Morello Cherry Crumb Pie

A friend introduced me to Morello cherries a few years ago. I didn’t know what they were, but he told me that they could be used to make cherry pies. The next time he visited Trader Joe’s in Woodbury, Minnesota, he brought me a jar of the dark red cherries as a gift.

The pie cherries I knew were bright red cherries that my mother bought every summer from traveling fruit vendors. Thanks to the Internet, I learned that the cherries I was familiar with were Montmorency cherries. They belong to the Amarelle family of sour cherries, but I also found out that Morello is the name of another large family of sour cherries that make delicious jams, crisps and pies like those made with Montmorency cherries.

Amarelle cherries were brought to America by settlers from England long before the Revolutionary War, and the Montmorency variety became the most common sour cherry planted by settlers as they moved west from the Atlantic. Morello cherries, on the other hand, are recent immigrants.

The dominant variety grown in Hungary, the Balaton cherry, was introduced first to cherry growers in Michigan by Dr. Amy Iezzoni, a professor at Michigan State University, in 1984. It is now the most popular commercial Morello cherry in the the United States, but some other varieties of English Morello cherries such as the Kansas Sweet and Northstar are grown in backyards or smaller orchards.

Morello cherry trees flower a bit later than Amarelles, which means that Morello trees have an advantage in areas subject to late frosts. For someone who likes to cook and eat, however, the biggest advantage of Morello cherries is that canned Morellos make wonderful cherry pies and crisps any time of the year. You can buy them online or at some supermarkets. In our area, Aldi and Trader Joe’s both carry them.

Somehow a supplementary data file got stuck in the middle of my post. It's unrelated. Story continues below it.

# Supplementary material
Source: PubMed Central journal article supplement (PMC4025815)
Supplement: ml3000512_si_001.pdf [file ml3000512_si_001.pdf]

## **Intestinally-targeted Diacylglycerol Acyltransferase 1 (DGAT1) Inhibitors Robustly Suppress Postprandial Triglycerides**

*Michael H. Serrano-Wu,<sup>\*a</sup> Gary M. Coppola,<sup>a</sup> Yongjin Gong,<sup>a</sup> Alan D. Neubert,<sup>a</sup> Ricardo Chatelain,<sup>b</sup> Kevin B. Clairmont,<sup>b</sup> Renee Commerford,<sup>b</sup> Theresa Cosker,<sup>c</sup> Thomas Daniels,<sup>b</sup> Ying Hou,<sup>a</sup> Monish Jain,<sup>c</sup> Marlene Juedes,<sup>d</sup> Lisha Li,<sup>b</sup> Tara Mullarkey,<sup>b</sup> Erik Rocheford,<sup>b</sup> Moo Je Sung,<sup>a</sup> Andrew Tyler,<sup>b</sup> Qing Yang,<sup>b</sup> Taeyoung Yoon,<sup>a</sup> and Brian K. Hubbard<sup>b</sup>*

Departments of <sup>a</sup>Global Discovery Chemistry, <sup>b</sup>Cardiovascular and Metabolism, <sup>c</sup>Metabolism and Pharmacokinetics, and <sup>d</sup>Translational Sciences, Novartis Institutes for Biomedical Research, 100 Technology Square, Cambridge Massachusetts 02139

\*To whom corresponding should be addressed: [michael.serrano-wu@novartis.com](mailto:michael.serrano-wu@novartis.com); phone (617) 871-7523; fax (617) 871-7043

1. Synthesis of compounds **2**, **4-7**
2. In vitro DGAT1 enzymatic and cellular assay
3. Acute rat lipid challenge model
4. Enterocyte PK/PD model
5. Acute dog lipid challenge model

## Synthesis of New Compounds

Here is how to make a delicious cherry pie with Morello cherries.

INGREDIENTS:

For the filling:
1 24 oz. jar Morello Cherries in light syrup
1/3 cup granulated sugar
2 T + 1/2 tsp. corn starch
1 tsp. lemon juice
1/4 tsp. almond extract
1 tsp. butter

For the topping:
1/4 cup all-purpose flour
1/2 cup old-fashioned oatmeal
1/3 cup light brown sugar
1/4 tsp. cinnamon
3 T butter

PROCEDURE:

Soften three tablespoons of butter in a small bowl. If you use unsalted butter, add an eighth teaspoon of salt to the butter when you soften it.

Line a nine-inch pie plate with a crust and crimp the top edge. If you don’t already have a recipe you prefer, you’ll find my recipe for pie crust here. It makes two crusts, so you can line two pie plates and freeze one to use later when you are in a hurry to make a dessert. Take the crust out of the freezer, pour in the filling, and in just a few minutes you’ll have a pie in the oven.

Preheat the oven to 400º.

Drain the juice from the cherries into a two quart saucepan and reserve the cherries. Mix the corn starch into the sugar in a small bowl. Whisk the sugar and corn starch into the juice and set the pan over moderate heat. Use the whisk or a fork to stir the juice often as it heats to make sure that you get a smooth sauce.

Reduce the heat as the juice thickens and becomes clear, and stir in the lemon juice, almond extract and butter. Stir the cherries into the thickened juice, bring the mixture back to a boil and simmer the filling for a minute. Remove the pan from the heat and let the filling cool a bit while you finish the crumb topping.

You can mix together the flour, oatmeal, brown sugar and cinnamon in a medium-sized bowl while the juice is cooking. Once you have set the filling aside to cool, cut the softened butter into the dry ingredients until you have a uniform mixture.

Pour the filling into the crust, sprinkle the crumb topping evenly over the filling and put the pie on a baking sheet on a center shelf in the preheated oven. Reduce the heat to 375º and bake for thirty-five to forty minutes. When the topping and crust are lightly browned, remove the pie from the oven to cool on a rack before serving.

NOTES: Be sure to put a baking sheet under the pie, as it, like many cherry pies, tends to run over a little as it bakes.

A scoop of good vanilla ice cream goes perfectly with a slice of cherry pie.

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